A word here about the core and hara being the center of life and emotions (the intestines and the emotions), it is interesting to see that the most common modern ‘disease’ is obesity, especially in the central part of the body (the core), the so-called belly-fat, thighs and buttocks.

Our modern life has never been in history so stressful and hectic, with millions of things to do every day and millions of problems to solve, but our annamaya kosha and the amygdale, which is the center of the three f’s, fight, flight or freeze, has not been able to keep up with modern life, technology and other stress factors.

As this stress is practically continuous, the brain produces constantly cortisol, the so-called stress hormone, as the body and brain feel continuously ‘threatened’ by daily life (think of cortisol as nature’s built-in alarm system. It’s your body’s main stress hormone).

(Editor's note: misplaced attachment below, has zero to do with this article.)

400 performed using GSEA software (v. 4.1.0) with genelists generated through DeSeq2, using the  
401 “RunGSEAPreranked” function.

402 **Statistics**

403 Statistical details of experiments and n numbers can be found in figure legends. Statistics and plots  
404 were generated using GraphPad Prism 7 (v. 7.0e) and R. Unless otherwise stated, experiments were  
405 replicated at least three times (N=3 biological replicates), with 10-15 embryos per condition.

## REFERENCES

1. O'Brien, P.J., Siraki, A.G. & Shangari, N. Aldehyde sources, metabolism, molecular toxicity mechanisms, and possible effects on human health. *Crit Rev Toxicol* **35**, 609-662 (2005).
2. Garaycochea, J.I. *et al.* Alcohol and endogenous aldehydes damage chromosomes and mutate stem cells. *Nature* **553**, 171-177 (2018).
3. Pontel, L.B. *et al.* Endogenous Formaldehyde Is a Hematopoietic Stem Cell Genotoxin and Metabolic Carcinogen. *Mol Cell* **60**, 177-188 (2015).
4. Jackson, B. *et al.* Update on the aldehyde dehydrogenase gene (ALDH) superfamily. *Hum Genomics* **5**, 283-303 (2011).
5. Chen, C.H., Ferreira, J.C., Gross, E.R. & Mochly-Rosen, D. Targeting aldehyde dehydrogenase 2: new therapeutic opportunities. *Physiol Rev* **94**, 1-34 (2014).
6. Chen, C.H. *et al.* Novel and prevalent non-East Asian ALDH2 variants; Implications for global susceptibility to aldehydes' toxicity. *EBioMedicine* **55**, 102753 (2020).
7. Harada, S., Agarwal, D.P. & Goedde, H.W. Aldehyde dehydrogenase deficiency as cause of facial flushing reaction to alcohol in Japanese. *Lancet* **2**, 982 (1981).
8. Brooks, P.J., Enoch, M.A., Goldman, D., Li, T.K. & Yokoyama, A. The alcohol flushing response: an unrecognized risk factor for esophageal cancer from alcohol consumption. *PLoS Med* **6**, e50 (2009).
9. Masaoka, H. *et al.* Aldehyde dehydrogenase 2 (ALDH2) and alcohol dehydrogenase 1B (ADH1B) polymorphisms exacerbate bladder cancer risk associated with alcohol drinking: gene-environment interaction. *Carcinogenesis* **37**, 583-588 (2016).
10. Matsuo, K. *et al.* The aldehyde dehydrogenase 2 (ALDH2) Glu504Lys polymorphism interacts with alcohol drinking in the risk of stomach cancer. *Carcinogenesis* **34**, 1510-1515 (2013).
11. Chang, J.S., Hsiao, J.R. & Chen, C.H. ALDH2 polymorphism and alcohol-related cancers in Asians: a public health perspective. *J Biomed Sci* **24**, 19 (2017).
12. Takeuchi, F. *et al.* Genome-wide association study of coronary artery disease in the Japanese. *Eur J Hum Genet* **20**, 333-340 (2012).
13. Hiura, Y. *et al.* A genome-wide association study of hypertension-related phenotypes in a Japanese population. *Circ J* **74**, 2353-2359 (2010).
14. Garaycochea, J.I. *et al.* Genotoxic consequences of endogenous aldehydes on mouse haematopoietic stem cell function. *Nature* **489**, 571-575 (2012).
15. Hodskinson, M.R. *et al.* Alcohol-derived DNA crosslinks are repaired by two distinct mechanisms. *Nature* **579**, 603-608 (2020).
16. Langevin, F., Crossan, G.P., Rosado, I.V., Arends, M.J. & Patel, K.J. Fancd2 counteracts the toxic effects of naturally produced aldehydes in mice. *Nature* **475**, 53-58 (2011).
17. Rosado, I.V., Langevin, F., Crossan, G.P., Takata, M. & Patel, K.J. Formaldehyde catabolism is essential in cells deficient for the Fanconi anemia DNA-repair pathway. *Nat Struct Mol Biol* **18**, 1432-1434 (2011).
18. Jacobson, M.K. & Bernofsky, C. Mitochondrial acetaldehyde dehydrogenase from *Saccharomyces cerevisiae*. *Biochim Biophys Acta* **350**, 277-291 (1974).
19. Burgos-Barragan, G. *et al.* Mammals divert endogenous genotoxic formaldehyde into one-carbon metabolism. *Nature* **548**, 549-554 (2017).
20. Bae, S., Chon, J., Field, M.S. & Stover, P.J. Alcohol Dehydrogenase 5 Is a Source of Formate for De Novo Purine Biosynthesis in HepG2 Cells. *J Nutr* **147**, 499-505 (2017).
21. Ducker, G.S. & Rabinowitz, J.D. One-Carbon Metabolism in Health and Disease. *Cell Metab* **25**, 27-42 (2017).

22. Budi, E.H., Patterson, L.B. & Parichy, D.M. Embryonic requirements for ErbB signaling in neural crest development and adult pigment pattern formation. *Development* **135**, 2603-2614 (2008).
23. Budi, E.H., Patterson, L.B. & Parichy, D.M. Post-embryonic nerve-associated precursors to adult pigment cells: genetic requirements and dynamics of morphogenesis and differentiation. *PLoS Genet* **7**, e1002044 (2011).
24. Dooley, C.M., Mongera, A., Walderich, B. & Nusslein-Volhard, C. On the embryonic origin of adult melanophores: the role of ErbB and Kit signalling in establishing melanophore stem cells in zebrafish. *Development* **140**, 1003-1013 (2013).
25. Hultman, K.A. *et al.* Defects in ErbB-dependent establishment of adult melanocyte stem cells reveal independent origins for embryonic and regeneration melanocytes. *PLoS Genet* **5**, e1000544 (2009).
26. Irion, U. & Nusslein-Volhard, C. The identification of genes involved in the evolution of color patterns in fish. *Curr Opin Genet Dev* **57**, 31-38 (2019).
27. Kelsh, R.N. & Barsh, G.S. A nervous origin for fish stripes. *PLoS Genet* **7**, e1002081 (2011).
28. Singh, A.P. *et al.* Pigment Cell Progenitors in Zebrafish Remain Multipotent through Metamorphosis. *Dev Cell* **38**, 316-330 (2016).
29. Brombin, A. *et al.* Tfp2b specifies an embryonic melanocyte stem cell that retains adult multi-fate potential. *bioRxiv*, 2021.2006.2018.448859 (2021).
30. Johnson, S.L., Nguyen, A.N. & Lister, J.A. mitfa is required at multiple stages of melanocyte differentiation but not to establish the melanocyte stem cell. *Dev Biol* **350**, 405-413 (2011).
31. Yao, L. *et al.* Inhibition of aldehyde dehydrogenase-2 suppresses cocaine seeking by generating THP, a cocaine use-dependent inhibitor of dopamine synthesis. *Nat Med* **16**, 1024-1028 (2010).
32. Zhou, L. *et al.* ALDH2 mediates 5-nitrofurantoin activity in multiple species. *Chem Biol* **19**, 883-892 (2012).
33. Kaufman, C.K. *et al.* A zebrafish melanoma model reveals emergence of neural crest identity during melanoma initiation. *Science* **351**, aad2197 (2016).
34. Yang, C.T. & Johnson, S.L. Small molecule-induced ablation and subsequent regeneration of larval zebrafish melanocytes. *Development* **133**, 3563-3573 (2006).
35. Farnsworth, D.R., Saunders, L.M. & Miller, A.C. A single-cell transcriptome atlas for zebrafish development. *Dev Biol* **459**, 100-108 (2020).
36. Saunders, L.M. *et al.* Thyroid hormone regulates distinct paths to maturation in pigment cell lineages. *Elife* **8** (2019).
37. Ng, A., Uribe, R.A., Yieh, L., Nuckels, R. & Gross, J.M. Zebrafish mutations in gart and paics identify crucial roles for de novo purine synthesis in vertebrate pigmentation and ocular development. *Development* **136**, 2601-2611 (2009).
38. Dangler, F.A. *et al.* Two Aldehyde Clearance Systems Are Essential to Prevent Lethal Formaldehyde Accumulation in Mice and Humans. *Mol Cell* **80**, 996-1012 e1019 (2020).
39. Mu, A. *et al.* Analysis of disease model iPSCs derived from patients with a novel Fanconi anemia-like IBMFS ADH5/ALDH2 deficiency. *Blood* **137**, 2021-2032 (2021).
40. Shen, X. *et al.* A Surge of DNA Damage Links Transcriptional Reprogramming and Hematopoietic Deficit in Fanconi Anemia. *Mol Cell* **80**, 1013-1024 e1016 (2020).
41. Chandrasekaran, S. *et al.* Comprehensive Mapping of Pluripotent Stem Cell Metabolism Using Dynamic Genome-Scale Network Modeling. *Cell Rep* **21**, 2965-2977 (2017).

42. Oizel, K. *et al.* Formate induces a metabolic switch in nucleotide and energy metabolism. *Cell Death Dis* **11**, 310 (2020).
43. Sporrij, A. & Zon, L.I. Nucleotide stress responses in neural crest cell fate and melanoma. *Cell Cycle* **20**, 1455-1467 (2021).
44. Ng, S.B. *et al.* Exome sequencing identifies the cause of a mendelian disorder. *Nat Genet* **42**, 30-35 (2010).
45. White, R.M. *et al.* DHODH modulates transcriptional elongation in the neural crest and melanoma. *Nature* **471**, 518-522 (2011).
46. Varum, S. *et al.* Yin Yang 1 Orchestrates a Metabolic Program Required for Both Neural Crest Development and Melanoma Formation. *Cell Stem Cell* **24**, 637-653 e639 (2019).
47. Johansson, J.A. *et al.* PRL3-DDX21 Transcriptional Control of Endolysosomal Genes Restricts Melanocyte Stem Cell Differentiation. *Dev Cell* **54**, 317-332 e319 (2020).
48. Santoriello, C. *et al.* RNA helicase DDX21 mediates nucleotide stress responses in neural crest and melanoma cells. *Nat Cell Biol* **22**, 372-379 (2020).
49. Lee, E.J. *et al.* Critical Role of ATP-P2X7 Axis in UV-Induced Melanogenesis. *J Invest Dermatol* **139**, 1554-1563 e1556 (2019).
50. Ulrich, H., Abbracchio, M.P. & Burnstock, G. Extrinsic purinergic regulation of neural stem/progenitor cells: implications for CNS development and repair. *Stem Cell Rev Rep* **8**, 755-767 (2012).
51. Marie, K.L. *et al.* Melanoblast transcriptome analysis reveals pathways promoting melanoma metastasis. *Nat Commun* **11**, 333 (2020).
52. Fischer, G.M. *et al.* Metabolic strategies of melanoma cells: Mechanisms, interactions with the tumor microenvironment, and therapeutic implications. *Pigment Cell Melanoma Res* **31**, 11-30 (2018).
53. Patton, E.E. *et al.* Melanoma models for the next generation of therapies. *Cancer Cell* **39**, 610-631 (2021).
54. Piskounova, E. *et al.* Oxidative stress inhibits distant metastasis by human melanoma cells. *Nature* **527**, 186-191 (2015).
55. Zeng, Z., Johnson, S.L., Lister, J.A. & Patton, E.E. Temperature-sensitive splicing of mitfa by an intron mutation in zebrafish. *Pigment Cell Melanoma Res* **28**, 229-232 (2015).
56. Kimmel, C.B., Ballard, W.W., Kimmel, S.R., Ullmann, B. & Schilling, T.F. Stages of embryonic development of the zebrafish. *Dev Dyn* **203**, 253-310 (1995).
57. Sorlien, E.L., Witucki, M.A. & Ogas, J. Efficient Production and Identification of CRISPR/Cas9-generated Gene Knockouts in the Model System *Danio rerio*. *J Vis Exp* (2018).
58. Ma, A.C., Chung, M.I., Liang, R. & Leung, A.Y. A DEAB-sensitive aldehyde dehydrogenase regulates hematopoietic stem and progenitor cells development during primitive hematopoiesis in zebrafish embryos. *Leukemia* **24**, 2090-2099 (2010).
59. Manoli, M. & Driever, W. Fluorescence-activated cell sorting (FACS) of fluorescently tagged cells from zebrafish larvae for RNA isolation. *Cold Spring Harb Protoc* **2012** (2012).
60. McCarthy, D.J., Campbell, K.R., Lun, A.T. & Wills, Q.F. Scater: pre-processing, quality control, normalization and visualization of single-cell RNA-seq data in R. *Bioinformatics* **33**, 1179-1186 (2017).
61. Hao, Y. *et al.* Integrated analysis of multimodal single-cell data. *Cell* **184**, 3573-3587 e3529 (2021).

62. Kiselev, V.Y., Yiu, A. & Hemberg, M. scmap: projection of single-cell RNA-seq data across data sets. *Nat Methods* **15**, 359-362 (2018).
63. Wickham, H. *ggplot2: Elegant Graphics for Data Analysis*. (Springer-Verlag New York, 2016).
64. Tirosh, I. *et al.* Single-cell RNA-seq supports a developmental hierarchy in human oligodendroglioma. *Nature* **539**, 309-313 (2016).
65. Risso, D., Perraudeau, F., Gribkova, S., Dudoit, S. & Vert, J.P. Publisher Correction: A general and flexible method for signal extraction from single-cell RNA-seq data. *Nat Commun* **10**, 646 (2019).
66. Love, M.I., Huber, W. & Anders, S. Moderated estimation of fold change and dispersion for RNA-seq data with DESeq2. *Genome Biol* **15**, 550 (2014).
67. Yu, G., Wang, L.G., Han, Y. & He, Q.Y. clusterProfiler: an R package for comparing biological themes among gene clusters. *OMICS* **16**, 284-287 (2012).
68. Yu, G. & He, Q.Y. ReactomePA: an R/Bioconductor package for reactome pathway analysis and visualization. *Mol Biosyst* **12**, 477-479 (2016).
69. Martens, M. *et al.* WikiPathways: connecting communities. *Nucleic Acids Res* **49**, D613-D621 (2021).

As a result the body tries to ‘protect’ its most vulnerable part as far as emotions, the core and hara is concerned and builds a ‘cushion’ around it to protect it against the perceived threat, stress: the famous ‘big belly’, obesity. 

Jon Gabriel in his book: ‘Visualization for weight loss’, explains in a simple way how this whole process functions, and how to reverse it by learning certain techniques of visualization and meditation in order to ‘convince’ the body that there is no life threatening situation going on and therefore lower the production of cortisol.

The Japanese have a kind of ‘walking meditation’ called ‘Shinrin-yoku’ (professor Qing Li of the Nippon Medical School of Tokyo is the main researcher in this field). In his book ‘Art and Science of Forest-Bathing’ he describes the ‘technique of forest walking’, which is a slow walking through a wooded area, paying total attention to everything you see (!) which has the same aim of taking a ‘holiday’ from modern life by immersing oneself in nature in a meditative way, leaving computers and cell phones at home.